Planet Models 1/72 Martin-Baker MB.2

KIT #: 252
PRICE: $24.99  ($61.95 SRP)
DECALS: options
REVIEWER: Scott Van Aken
NOTES: resin kit with vacuform canopy


The Martin-Baker MB2 was a British private-venture fighter prototype based on a simple basic structure that had been developed in the earlier MB1 civil aircraft. Although briefly evaluated as a fighter by the Royal Air Force, the MB2 was limited in design potential and never entered series production.

James Martin, broadly responding to Specification F.5/34 for a fighter using an air-cooled engine for hot climates, designed a fighter using the simple basic structure employed and developed in his earlier MB1. Constructed of steel tubing, the MB2 incorporated many detailed improvements which further simplified production as well as repair and maintenance. Powered by a special Napier Dagger III HIM 24-cylinder H-type engine of 805 nominal bhp, but capable of operation at 13 lb boost to give over 1,000 hp for takeoff, driving a fixed-pitch, two-blade propeller, the MB2 was capable of 300+ mph (480 km/h) speeds "on paper." The undercarriage was fixed but cleanly faired in two trouser-type fairings, the port one carrying the oil-cooler. A retractable undercarriage to improve performance was "in the works" when the design was abandoned.

The fuselage lines were square cut and exceptionally clean, with almost constant depth from nose to tail. An unusual feature, at that time, was that the fuselage was slightly longer than the wingspan, a feature retained in later Martin-Baker designs, which contributed to good stability and control in yaw. The MB2 was the first British fighter to carry eight wing-mounted .303 Browning machine guns.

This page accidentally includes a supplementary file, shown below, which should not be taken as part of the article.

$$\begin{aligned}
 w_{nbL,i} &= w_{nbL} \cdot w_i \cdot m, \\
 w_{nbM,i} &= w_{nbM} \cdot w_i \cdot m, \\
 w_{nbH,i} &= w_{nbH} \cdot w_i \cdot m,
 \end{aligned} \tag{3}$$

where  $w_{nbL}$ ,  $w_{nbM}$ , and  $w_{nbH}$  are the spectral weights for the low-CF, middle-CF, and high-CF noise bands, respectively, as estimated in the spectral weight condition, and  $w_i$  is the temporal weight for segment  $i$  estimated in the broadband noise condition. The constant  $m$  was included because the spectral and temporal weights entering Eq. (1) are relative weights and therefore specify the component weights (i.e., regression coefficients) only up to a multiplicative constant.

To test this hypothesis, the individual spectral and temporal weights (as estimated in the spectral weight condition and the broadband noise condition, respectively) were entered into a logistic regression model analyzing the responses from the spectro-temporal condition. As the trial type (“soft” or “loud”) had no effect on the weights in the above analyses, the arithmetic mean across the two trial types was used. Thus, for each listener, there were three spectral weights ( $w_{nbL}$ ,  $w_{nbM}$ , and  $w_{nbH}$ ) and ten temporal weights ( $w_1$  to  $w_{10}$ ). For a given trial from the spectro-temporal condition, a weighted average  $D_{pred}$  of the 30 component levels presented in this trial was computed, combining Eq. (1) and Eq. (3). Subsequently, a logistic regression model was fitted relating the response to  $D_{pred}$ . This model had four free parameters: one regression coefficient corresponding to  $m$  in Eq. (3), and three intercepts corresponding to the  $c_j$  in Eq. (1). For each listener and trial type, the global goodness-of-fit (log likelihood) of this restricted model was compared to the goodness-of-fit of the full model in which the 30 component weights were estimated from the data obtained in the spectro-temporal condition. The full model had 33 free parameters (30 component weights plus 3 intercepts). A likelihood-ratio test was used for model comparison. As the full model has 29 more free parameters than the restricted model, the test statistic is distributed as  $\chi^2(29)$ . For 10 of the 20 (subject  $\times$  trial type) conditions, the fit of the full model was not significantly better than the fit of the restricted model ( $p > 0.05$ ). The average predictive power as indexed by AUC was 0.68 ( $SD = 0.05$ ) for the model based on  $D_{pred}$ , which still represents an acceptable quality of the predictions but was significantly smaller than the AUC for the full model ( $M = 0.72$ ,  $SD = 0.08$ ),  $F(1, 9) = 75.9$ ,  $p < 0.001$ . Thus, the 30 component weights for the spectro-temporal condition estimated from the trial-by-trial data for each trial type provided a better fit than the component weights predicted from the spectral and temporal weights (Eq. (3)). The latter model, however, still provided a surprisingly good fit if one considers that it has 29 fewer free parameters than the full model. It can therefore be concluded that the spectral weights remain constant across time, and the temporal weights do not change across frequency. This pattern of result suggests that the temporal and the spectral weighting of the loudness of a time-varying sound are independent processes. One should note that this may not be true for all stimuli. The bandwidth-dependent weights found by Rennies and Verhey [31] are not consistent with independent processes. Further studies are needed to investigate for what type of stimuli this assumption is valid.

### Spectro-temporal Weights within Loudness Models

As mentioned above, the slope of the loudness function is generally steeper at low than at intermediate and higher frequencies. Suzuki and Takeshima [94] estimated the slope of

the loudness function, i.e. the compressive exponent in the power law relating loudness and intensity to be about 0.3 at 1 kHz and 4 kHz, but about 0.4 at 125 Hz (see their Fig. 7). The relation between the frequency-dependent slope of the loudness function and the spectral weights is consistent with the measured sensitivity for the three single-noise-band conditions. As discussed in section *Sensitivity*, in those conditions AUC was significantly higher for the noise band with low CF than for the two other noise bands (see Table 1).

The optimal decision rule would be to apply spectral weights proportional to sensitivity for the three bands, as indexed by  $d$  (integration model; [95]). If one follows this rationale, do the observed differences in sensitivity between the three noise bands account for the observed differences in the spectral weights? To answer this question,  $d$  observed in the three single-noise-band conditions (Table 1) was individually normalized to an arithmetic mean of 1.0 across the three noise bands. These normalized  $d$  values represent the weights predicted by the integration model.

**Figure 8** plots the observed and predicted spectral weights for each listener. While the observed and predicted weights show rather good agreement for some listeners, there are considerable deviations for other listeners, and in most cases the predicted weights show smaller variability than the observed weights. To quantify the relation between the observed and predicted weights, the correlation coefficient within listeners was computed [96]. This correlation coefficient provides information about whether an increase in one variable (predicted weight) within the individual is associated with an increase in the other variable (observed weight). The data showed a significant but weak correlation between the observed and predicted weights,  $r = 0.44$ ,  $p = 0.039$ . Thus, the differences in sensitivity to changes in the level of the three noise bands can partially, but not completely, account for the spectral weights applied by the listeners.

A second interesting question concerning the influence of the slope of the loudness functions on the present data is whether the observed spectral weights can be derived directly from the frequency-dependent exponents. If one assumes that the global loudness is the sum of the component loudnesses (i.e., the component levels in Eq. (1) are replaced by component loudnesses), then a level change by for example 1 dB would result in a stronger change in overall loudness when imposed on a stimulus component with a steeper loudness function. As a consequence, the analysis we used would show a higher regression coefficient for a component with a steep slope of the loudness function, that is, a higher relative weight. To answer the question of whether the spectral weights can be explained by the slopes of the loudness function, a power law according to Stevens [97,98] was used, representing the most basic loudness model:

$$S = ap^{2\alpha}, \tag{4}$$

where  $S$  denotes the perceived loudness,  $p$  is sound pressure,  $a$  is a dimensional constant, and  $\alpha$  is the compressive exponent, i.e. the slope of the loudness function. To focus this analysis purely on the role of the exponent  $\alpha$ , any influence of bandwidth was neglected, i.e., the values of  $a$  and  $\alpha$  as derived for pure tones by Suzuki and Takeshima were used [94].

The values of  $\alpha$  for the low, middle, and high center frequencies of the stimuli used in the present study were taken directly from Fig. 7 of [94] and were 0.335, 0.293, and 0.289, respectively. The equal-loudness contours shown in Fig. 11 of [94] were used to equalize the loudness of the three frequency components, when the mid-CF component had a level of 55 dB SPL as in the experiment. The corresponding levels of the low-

One of the hallmarks of Martin-Baker designs was the simple but efficient installation of main systems. The clean and orderly cockpit was set well back, allowing a good view downwards behind the wing. A crash post was fitted, which automatically extended to minimise structure damage and injury to the pilot in the event of a nose-over landing. A small, tapered tailplane was mounted on the top of the fuselage well forward of the stern post, while the fin and rudder combination was roughly triangular in side elevation. This arrangement placed most of the effective rudder area below the tailplane, thus providing an adequate balance to the keel surface and assuring good recovery from spins. In initial MB2 configurations, there was no fin and the rudder was mounted on the fuselage but lateral stability was unsatisfactory, with the fixed fin added later.

The MB2 was first flown by Captain Valentine Baker at Harwell on 3 August 1938 and initially tested with markings M-B-1 (G-AEZD not carried). "The Aeroplane" stated, "in spite of its fixed undercarriage, the MB2 had a performance as good as that of contemporary fighters and a capacity for quick and cheap production by the simplicity of its structure and easy assembly". Repair and maintenance were also simple, and these factors might have influenced the authorities towards putting the MB2 into production when the country's fighter strength was disproportionately low.